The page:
Face Negotiation Theory

Perhaps you have a friend who is from Appalachian America, or another collectivist culture. The lengths your friend would go to in order to avoid conflict during a disagreement may have surprised you. Likewise, your friend may have been shocked by your directness. If you have ever been in a situation like this, you have experienced Face Negotiation Theory in practice.

Face Negotiation Theory seeks to explain and understand the dynamics of intercultural communication. People from individualistic cultures, including most Americans, and people from collectivistic cultures, such as Appalachia, use different ways to save face and resolve conflict. In fact, they have different ideas of what constitutes saving face. Unfortunately, what seems right and natural to members of one culture may seem highly inappropriate to members of another. Fully understood and properly applied, Face Negotiation Theory can help people of different cultures avoid needless misunderstandings and come to mutually beneficial agreements.

What is Face Negotiation Theory?

Face Negotiation Theory is based on the underlying assumption that, regardless of their culture, people are all concerned with saving face. The theory attempts to explain the reasons behind the different ways people from different cultures handle conflict. According to Face Negotiation Theory, this occurs because people of different cultures have different priorities when it comes to saving face, and they have different ideas of what constitutes saving face.

The theory places special emphasis upon the different viewpoints of members of collectivist and individualistic cultures. Because collectivist cultures emphasize the collective, members seek to avoid anything that might damage the group. As a result, they often avoid conflict, and they often allow others to save face when a conflict is unavoidable. Additionally, saving the group’s face is viewed as primary, with individual face-saving taking a backseat. Individualistic cultures, on the other hand, emphasize the individual, and members, who feel the need to make others lose face in order to save their own, often believe that avoiding conflict leads to losing face. In these cultures, the face of the group may be a secondary consideration, or may not be a consideration at all.

Origins of Face Negotiation Theory

Face Negotiation Theory was first conceived by Stella Ting-Toomey in 1985. The theory was born as a result of Ting-Toomey’s frustration with the interpersonal conflict communication theories that were popular in the 1980s. At that time, theories emphasized the value of self-disclosure and conflict confrontation. Strategies often employed by collectivist cultures were ignored or viewed as undesirable or ineffective. These directives did little to improve communication and conflict resolution between cultures with differing styles. Ting-Toomey began working to provide a more complete theory.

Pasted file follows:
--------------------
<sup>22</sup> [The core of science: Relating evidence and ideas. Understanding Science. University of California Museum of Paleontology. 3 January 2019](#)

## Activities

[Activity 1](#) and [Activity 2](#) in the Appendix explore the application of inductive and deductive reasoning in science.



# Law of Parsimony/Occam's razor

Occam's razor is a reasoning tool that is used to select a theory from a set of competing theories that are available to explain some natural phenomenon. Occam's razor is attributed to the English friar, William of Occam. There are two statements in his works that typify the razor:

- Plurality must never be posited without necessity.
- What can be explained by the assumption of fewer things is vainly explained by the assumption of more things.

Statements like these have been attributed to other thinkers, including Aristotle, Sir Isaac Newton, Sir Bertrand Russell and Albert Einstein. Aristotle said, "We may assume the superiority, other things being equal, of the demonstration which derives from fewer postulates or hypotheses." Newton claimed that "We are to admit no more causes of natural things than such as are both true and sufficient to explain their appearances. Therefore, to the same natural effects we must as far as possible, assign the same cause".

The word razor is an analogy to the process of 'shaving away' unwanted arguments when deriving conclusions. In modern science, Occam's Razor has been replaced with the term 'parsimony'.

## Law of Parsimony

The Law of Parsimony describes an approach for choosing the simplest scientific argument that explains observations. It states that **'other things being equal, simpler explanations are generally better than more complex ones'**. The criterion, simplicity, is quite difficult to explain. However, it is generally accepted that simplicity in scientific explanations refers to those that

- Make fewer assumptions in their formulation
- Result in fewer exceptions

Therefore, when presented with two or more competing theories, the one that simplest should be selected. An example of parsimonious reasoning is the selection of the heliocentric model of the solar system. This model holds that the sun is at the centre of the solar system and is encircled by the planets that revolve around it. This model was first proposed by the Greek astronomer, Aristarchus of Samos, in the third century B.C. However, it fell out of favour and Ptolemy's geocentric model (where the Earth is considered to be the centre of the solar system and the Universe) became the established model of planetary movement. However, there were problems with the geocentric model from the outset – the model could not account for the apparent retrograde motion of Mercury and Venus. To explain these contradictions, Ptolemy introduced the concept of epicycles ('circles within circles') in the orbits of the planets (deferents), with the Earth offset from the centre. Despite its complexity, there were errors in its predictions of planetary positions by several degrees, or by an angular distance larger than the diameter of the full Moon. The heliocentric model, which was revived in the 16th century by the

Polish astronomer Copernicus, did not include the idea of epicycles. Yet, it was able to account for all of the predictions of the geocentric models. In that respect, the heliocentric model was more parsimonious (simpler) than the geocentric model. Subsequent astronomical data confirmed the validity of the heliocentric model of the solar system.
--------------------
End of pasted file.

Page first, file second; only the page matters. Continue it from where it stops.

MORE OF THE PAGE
Criticism of Face Negotiation Theory

Face Negotiation Theory has been the subject of criticism since its introduction. For example, Ting-Toomey bases her theory on basic assumptions about the way individualistic and collectivist cultures operate. However, these differences do not always fully explain the actual behavior exhibited by most members of such cultures. Ting-Toomey herself found that Japanese people were more likely than Americans to try to save face for themselves. She also discovered that American research participants who were classified as individualistic were much more willing to compromise than her theory would suggest.

In addition, the way power is distributed within a society is an important part of Ting-Toomey’s theory. She asserts that individualistic cultures are small power distance cultures, in which individuals matter and have equal power. Collectivistic cultures, on the other hand, grant power to those who have inherited authority, with those beneath having little to no power. This is not universally the case, however, and some collectivistic cultures also highly value egalitarianism. Members of the Appalachian culture, which covers a large area of the United States along the Appalachian mountain range, live in a collectivistic culture. However, Appalachians place a high value on egalitarianism. In fact, they value it so highly that wealthy community members take pains to avoid appearing ostentatious and even doctors are careful to keep from coming across as authoritative. In some Appalachian communities, police officers are issued printed T-shirts and baseball caps to be worn with jeans, rather than traditional uniforms.

A number of researchers from various cultures continue to conduct research in this area of study and to test Ting-Toomey’s theory. Face Negotiation Theory has seen multiple changes since it was first conceived, as new research yields new information that is incorporated into the theory. The most recent version of Face Negotiation Theory was conceived in 2005.

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